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Reviews » Theatrical Reviews » The Pursuit of Happyness
The Pursuit of Happyness
Sony Pictures // PG-13 // December 15, 2006
Review by Brian Orndorf | posted December 15, 2006 | E-mail the Author
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Trapped in a never-ending cycle of debt, Chris Gardner (Will Smith) is desperate for hope in his life. Struggling to support his family (Thandie Newton), Chris learns of a prized internship opportunity at the Dean Witter investment house. Giving up his dead-end job to pursue this non-salaried opening, Chris's wife leaves him and puts him in charge of his young son, Christopher (Jaden Christopher Syre Smith). Combating poverty, doubt, and the ruthless business world, Chris fights to keep his wits about him as he hopes to achieve some small sliver of a dream.

Stories of triumph over adversity are the foundation on which cinema was built. These are tales flush with uplift, sure to radiate an aura of good feelings to blanket the audience. "Pursuit of Happyness" (based on a true story) is not one to rock the boat in terms of mass entertainment expectations, but it isn't quite the sunny hand-holding experience it could've been either.

For the first half of the film, "Happyness" has doggedness about it when expanding on Gardner's struggles; here was a man not willing to compromise his paternal duties or job prospects to find quick salvation. Gardner's story is one of hard work, dedication to ideals, and personal responsibility to those who depend on you.

Perhaps this hurried feeling of ambition comes from director Gabriele Muccino, an Italian filmmaker making "Happyness" his first stab at Hollywood acceptance. Muccino knows schmaltz, but he remains committed to maintaining the verisimilitude of Gardner's story. No easy answers are provided to Chris, and when trouble comes, it doesn't dissolve the character into hysterics, but knocks him to the ground, where he stands up, dusts himself off, and continues the hard journey north.

Truthfully, the authority of Gardner's tale of misfortune comes in second to Will Smith's concentrated performance. Smith's proven his dramatic chops before, but he rarely lets this side of him show. The actor communicates a world of doubt as Chris, opting to express the more troubling moments internally, pushing out his grief through his eyes and defeated stance. Smith has his real-life son to act against here, and the presence seems to relax him, and mercifully he doesn't bother with his old "Men in Black" shtick. It's an adult, poised, personal performance from Smith, and it takes him to a whole new level of skill. This is an actor who could do with a few less "I, Robots" on his resume, which makes "Happyness" an even sweeter accomplishment.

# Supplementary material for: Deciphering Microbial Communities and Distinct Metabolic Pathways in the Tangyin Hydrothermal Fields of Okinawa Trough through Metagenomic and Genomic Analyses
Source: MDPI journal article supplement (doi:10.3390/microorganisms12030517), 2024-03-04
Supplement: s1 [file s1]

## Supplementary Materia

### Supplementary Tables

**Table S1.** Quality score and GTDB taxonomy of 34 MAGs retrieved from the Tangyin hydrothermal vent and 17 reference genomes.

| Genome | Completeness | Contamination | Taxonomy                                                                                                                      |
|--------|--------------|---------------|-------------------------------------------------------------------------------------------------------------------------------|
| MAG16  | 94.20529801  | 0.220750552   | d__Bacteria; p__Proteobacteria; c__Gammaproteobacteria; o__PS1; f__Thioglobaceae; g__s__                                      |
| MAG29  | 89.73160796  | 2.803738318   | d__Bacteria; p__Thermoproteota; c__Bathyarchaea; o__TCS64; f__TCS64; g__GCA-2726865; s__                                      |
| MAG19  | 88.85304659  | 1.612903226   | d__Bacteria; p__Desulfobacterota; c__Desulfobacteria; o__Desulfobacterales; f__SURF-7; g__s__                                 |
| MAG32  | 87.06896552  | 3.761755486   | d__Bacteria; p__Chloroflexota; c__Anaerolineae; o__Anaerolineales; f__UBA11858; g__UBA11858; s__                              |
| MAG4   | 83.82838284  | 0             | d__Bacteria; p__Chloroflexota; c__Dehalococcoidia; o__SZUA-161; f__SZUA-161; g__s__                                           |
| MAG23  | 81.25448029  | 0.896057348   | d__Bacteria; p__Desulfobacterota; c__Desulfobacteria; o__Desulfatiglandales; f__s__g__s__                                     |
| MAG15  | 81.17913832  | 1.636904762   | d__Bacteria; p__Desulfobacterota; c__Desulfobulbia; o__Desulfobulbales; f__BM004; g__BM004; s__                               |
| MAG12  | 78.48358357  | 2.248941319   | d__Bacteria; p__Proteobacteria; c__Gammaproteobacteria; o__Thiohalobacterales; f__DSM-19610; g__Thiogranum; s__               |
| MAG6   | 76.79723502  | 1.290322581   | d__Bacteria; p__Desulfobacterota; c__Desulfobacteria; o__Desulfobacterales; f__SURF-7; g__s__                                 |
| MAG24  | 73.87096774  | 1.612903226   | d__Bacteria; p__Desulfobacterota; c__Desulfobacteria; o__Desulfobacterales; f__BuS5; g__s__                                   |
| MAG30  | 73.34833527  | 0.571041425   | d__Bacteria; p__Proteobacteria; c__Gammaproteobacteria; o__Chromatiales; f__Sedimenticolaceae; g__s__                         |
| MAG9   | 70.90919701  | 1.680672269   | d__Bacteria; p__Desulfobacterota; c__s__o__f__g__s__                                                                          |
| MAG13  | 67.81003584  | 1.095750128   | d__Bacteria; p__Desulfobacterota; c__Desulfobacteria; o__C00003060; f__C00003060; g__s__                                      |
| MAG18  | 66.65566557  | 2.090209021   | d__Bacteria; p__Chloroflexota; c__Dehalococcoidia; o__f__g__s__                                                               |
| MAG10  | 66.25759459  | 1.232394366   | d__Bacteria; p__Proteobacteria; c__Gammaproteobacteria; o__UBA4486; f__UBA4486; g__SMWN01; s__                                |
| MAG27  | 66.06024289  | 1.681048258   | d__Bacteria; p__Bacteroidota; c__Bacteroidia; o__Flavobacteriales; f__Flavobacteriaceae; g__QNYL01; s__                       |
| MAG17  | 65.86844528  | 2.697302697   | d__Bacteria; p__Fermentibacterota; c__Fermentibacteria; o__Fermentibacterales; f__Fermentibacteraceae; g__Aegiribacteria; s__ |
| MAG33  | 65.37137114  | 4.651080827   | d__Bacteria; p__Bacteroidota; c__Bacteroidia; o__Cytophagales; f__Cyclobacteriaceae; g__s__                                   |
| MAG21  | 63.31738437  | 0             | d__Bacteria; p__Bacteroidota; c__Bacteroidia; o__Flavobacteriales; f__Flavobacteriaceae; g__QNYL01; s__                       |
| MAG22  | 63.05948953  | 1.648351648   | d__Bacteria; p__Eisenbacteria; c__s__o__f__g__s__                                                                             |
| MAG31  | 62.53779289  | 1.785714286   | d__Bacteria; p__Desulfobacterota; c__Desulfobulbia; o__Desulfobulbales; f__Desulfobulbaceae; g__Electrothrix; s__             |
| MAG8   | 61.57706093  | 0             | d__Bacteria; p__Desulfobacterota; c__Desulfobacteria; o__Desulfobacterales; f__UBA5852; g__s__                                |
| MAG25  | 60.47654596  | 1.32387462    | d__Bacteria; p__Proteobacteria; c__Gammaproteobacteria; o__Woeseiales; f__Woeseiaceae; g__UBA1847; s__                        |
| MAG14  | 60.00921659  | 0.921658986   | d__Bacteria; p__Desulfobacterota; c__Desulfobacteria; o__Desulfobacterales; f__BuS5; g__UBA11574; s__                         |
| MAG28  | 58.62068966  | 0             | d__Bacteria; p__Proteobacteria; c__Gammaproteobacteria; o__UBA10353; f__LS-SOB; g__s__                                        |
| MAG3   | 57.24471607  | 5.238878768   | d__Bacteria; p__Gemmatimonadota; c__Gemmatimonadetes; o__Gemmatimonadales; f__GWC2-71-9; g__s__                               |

Where I felt Muccino and the screenplay by Steve Conrad fail the integrity of the film is in the non-stop layering of pain on Chris as opposed to witnessing his skill at the internship. Gardner was a people person, and Muccino communicates this easiness through many brief sequences of Chris charming his customers and peers. Once the second act of the film takes over, the construction of Chris as a proficient and determined worker is snapped, and the melodrama begins to seep in through the cracks.

Gardner was walloped by life more times than he cared to count, and "Happyness" is overflowing with moments of gut-wrenching pain as he deals with truly horrific circumstances of poverty and homelessness with his son in tow. Yet, we never really absorb the feeling of him as a star employee at Dean Witter. Muccio is far too preoccupied with breaking blocks of hardship over the audiences' head than gently nursing Chris's professional life to an understandable level.

"Pursuit of Happyness" is Will Smith's triumph, and it's worth a look alone to see this tiresome actor in a role that requires a rare amount of patience from him. The film has some difficulty satisfying other dramatic requirements, but Smith is the star here for a reason, and he alone maintains the picture's faith.


For further online adventure, please visit brianorndorf.com
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